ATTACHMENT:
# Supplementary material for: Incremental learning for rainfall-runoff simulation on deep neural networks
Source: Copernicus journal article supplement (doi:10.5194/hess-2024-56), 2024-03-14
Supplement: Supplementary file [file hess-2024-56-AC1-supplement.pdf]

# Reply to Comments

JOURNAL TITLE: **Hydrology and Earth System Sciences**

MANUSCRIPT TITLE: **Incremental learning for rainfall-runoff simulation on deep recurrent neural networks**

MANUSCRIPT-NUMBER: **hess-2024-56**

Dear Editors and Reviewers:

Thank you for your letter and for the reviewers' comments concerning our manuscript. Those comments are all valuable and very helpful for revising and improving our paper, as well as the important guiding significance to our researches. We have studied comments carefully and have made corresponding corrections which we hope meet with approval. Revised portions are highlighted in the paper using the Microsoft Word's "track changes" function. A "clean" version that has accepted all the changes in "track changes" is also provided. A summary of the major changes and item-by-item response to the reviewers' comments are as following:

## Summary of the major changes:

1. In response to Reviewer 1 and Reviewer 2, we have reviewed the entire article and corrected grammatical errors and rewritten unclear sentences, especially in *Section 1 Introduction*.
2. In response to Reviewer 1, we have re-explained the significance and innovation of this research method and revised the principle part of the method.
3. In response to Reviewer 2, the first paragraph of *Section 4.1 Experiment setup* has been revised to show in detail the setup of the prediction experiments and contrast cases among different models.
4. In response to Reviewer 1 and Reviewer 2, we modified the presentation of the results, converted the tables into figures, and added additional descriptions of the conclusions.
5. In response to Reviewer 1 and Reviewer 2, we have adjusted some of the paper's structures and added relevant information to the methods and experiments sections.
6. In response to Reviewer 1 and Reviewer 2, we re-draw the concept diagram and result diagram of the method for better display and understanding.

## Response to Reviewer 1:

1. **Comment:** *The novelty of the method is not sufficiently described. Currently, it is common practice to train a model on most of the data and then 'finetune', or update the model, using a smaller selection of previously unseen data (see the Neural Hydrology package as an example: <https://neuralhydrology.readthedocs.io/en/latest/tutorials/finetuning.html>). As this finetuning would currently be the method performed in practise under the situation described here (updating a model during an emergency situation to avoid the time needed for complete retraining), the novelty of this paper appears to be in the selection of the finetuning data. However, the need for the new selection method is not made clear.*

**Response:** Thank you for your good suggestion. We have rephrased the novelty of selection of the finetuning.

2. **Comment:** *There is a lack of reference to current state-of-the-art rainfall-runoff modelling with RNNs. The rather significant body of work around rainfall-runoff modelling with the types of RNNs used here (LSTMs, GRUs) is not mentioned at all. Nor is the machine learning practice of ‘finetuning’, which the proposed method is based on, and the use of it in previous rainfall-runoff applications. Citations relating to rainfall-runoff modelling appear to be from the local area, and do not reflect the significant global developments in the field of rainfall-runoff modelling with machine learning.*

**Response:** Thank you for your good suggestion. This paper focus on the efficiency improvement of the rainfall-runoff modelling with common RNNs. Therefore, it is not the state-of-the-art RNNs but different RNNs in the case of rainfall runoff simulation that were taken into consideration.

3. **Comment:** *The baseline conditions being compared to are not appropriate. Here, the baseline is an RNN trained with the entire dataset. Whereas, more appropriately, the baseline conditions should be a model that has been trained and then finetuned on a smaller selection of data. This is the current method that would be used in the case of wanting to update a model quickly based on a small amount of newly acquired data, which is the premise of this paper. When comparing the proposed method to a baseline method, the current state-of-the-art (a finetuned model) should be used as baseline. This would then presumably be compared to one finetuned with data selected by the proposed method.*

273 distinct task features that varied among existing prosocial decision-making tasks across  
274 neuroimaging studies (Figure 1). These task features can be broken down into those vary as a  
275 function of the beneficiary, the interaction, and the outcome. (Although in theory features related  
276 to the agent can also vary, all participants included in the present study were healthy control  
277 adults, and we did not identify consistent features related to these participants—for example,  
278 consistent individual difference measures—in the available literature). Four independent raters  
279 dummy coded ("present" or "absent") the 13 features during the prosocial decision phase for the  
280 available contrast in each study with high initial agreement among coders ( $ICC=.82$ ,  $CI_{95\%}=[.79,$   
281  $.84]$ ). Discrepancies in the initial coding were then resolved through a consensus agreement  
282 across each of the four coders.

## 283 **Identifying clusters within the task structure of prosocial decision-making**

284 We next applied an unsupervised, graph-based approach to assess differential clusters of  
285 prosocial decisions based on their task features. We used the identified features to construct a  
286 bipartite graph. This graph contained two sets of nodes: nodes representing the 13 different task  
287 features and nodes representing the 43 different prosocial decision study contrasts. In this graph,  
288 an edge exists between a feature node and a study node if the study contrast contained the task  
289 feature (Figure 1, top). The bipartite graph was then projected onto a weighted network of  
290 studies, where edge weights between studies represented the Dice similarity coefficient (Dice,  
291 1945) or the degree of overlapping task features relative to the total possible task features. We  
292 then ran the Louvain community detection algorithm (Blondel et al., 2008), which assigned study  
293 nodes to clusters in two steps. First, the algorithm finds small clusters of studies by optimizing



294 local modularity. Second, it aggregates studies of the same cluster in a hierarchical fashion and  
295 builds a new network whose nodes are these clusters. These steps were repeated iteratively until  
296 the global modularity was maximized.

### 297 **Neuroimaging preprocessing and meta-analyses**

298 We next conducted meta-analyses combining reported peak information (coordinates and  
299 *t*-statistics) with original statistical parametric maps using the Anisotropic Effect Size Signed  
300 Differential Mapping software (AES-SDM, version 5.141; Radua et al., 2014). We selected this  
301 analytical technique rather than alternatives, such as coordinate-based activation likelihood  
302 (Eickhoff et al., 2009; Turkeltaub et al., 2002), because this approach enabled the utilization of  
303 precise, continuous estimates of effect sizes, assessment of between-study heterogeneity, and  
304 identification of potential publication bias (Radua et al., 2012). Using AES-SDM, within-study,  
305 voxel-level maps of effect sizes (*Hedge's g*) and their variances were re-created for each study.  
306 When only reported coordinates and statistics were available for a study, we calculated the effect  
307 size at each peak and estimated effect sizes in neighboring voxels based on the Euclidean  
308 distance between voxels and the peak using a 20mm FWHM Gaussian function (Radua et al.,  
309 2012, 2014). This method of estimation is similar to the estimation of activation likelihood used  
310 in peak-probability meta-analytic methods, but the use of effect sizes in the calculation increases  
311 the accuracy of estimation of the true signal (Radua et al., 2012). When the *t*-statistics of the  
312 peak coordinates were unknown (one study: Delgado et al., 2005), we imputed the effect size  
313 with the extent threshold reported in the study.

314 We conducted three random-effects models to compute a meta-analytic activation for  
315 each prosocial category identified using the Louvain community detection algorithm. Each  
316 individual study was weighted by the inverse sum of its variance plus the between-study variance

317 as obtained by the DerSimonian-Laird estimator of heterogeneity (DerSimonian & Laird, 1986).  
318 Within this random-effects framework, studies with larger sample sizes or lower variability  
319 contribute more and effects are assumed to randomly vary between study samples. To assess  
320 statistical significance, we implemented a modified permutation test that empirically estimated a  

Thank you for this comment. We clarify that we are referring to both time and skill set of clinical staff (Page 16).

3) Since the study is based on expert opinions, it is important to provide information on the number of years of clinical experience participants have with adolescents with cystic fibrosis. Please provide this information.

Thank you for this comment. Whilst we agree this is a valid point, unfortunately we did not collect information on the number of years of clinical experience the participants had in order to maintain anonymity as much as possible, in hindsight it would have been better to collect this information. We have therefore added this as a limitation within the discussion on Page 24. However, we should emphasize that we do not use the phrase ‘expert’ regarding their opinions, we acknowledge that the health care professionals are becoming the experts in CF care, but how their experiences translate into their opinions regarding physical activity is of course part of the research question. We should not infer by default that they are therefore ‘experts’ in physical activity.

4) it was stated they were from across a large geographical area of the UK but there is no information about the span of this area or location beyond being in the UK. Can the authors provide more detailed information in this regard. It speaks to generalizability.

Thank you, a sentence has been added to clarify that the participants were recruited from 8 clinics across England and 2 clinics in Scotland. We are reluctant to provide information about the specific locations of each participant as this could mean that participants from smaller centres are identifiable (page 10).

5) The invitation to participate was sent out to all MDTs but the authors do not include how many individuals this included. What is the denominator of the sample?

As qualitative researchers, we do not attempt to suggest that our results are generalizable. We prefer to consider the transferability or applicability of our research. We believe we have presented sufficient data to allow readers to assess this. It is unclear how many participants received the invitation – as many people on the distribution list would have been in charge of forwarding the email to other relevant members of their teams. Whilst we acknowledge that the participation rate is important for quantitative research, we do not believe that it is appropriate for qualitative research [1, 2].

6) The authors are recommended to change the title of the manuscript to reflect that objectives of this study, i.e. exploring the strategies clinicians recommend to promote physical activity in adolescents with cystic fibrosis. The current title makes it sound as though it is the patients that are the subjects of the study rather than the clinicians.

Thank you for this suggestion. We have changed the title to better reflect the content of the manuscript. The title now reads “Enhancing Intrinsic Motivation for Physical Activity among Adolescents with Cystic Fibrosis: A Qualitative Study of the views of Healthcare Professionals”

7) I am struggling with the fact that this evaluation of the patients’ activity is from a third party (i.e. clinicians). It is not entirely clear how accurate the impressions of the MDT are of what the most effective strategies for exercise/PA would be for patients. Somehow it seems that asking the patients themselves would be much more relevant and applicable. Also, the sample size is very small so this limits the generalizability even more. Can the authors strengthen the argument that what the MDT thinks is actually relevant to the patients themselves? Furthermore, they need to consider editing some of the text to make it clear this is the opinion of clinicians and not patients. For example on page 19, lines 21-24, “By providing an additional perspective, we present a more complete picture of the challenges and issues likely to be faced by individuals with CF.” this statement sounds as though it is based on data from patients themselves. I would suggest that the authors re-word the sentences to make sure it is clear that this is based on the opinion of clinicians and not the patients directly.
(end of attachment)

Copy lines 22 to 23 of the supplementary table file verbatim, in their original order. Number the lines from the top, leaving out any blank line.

3. **Comment:** *The baseline conditions being compared to are not appropriate. Here, the baseline is an RNN trained with the entire dataset. Whereas, more appropriately, the baseline conditions should be a model that has been trained and then finetuned on a smaller selection of data. This is the current method that would be used in the case of wanting to update a model quickly based on a small amount of newly acquired data, which is the premise of this paper. When comparing the proposed method to a baseline method, the current state-of-the-art (a finetuned model) should be used as baseline. This would then presumably be compared to one finetuned with data selected by the proposed method.*

273 distinct task features that varied among existing prosocial decision-making tasks across  